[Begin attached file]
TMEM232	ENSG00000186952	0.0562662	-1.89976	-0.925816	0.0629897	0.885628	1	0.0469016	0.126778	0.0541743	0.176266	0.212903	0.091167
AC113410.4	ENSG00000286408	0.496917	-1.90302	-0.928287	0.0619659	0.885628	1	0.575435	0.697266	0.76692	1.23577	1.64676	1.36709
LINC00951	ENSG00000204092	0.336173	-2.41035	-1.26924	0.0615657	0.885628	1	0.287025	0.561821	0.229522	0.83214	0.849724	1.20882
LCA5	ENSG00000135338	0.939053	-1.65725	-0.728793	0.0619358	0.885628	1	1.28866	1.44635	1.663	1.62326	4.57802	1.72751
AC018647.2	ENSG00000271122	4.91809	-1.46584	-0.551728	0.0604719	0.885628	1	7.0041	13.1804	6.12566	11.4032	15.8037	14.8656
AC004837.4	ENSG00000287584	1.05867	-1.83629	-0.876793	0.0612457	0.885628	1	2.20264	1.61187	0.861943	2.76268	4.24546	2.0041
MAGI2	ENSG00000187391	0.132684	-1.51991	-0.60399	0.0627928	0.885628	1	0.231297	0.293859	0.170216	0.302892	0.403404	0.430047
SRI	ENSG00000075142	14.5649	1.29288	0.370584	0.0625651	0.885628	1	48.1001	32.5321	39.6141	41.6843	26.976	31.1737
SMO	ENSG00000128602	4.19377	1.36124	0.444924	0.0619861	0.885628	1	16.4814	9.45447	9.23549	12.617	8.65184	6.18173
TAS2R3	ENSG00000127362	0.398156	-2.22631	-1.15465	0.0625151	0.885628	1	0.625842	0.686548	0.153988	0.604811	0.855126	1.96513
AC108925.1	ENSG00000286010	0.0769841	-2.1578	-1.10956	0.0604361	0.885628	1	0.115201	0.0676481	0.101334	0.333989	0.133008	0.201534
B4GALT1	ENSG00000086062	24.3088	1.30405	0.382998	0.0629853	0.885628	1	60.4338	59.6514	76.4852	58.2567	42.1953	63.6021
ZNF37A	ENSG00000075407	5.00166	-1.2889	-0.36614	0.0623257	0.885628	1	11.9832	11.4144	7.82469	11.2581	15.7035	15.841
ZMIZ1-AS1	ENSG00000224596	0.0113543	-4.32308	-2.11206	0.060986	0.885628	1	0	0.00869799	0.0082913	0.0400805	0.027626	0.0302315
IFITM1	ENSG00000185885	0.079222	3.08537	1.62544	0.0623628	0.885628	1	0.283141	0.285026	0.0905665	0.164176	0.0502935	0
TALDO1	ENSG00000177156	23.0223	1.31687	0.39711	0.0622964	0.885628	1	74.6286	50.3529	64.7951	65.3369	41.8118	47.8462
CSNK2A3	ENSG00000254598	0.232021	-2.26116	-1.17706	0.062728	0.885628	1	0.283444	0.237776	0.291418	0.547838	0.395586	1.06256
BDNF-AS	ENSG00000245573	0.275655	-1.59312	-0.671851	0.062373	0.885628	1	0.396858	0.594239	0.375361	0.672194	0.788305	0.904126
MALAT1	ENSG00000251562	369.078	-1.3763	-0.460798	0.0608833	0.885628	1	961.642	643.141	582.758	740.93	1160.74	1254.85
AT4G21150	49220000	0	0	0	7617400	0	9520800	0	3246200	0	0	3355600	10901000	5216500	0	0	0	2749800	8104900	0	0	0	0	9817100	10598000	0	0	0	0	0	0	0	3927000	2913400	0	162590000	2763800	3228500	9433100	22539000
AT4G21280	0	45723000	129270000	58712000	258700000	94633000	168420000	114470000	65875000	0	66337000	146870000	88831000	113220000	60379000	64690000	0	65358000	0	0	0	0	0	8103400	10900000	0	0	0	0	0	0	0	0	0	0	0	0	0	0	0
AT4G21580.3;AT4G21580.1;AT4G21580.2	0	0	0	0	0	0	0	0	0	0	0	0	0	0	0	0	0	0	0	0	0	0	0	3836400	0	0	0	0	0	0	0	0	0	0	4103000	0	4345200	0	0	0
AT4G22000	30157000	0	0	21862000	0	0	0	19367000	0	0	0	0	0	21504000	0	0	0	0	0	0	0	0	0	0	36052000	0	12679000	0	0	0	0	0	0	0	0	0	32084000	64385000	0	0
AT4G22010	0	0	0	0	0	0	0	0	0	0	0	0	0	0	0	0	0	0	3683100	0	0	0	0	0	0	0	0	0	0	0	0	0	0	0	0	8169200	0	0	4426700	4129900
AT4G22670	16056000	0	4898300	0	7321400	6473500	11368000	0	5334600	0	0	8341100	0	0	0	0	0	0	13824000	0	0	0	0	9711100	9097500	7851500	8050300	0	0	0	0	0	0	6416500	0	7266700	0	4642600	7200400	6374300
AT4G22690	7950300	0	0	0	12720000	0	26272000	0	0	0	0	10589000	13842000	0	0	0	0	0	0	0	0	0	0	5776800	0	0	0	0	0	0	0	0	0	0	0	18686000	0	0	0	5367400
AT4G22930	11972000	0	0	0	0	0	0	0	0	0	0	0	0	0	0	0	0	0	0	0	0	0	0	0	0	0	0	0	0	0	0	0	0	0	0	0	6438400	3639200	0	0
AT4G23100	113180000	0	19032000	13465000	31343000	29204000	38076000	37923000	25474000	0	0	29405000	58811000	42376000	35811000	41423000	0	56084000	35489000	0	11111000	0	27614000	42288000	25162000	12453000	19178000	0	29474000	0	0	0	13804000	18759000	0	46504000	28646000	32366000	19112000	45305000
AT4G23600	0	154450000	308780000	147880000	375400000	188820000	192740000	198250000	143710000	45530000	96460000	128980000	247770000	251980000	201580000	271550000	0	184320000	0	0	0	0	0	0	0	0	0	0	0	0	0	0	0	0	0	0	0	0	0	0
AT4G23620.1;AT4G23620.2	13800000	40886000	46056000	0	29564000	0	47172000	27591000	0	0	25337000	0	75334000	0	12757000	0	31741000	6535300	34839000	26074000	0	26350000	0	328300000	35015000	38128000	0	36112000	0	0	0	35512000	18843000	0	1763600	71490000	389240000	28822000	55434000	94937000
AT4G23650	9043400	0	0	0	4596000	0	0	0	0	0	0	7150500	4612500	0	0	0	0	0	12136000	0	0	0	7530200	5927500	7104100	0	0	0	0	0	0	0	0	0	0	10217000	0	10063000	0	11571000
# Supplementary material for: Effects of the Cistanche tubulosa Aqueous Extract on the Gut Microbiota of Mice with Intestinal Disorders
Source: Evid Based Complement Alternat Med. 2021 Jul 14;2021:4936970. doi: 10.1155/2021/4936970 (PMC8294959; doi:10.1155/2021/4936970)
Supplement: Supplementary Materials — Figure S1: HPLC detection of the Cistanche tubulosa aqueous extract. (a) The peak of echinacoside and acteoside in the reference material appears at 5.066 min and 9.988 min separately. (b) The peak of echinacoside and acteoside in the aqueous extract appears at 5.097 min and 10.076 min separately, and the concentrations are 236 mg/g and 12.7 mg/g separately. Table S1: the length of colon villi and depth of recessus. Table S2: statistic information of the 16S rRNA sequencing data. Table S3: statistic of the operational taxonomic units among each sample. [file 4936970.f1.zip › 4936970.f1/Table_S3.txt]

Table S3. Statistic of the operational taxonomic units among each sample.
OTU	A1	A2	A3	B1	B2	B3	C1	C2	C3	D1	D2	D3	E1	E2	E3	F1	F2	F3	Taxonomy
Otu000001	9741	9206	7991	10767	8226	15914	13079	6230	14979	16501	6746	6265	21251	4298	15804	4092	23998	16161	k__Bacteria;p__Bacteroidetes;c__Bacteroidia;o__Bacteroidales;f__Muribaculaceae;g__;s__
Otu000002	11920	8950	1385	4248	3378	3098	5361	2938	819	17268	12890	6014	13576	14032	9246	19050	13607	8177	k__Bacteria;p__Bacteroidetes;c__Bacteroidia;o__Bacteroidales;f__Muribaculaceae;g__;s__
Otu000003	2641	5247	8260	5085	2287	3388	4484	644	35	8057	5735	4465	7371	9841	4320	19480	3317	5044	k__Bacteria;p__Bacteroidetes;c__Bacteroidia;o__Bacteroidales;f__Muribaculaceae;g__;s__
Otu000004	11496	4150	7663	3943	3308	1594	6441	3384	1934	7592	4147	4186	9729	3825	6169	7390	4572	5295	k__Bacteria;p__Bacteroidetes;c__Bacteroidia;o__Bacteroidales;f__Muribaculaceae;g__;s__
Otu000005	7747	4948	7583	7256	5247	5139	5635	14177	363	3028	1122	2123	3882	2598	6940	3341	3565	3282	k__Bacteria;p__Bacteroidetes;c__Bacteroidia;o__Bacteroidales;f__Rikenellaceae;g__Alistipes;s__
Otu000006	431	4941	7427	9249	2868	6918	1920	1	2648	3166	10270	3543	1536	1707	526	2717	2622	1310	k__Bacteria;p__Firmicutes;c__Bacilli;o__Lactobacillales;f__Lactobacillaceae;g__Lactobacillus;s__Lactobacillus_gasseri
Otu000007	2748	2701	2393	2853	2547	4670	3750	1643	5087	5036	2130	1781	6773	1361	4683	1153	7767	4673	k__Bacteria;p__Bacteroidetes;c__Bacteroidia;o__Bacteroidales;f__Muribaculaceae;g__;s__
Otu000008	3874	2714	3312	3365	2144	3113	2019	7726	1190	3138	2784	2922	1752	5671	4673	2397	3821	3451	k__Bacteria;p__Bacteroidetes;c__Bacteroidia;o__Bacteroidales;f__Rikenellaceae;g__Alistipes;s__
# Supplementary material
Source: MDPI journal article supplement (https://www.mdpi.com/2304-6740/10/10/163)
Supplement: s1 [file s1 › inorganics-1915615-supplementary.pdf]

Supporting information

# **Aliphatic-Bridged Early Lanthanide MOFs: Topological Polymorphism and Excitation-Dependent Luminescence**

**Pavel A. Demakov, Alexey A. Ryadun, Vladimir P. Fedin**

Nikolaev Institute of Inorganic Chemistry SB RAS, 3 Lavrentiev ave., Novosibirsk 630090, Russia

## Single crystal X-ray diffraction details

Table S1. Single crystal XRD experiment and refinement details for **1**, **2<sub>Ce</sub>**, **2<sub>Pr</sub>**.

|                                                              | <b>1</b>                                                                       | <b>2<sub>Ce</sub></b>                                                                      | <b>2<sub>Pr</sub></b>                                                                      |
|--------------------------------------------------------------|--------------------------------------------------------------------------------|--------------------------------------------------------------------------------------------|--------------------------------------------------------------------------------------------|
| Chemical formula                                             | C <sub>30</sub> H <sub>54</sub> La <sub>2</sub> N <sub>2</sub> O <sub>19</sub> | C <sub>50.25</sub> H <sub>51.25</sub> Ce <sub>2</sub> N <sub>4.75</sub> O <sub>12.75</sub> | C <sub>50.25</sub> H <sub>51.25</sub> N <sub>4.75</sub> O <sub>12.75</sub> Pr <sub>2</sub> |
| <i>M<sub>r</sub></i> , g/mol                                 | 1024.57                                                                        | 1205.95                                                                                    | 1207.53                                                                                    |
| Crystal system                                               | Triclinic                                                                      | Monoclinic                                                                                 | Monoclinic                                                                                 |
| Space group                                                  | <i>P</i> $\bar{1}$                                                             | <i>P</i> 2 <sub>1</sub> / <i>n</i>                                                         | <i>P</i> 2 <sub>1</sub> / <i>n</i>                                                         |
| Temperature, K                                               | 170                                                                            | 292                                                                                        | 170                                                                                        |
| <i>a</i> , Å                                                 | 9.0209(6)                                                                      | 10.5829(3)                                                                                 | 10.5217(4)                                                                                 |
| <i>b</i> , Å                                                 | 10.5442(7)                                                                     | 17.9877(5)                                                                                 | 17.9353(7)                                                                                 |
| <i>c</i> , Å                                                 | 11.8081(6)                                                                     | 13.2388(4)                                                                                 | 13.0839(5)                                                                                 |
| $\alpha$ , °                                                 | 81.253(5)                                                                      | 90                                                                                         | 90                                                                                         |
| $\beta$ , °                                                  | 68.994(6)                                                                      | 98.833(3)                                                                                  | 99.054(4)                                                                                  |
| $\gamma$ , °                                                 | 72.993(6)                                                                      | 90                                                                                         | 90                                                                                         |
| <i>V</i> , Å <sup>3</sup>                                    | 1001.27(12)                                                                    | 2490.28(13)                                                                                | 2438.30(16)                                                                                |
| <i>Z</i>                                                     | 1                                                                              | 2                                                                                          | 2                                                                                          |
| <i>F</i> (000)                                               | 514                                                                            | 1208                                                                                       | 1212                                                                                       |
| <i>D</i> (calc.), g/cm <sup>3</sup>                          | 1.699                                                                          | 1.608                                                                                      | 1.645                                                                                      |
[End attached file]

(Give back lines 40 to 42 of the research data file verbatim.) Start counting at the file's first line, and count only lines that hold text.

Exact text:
Otu000004	11496	4150	7663	3943	3308	1594	6441	3384	1934	7592	4147	4186	9729	3825	6169	7390	4572	5295	k__Bacteria;p__Bacteroidetes;c__Bacteroidia;o__Bacteroidales;f__Muribaculaceae;g__;s__
Otu000005	7747	4948	7583	7256	5247	5139	5635	14177	363	3028	1122	2123	3882	2598	6940	3341	3565	3282	k__Bacteria;p__Bacteroidetes;c__Bacteroidia;o__Bacteroidales;f__Rikenellaceae;g__Alistipes;s__
Otu000006	431	4941	7427	9249	2868	6918	1920	1	2648	3166	10270	3543	1536	1707	526	2717	2622	1310	k__Bacteria;p__Firmicutes;c__Bacilli;o__Lactobacillales;f__Lactobacillaceae;g__Lactobacillus;s__Lactobacillus_gasseri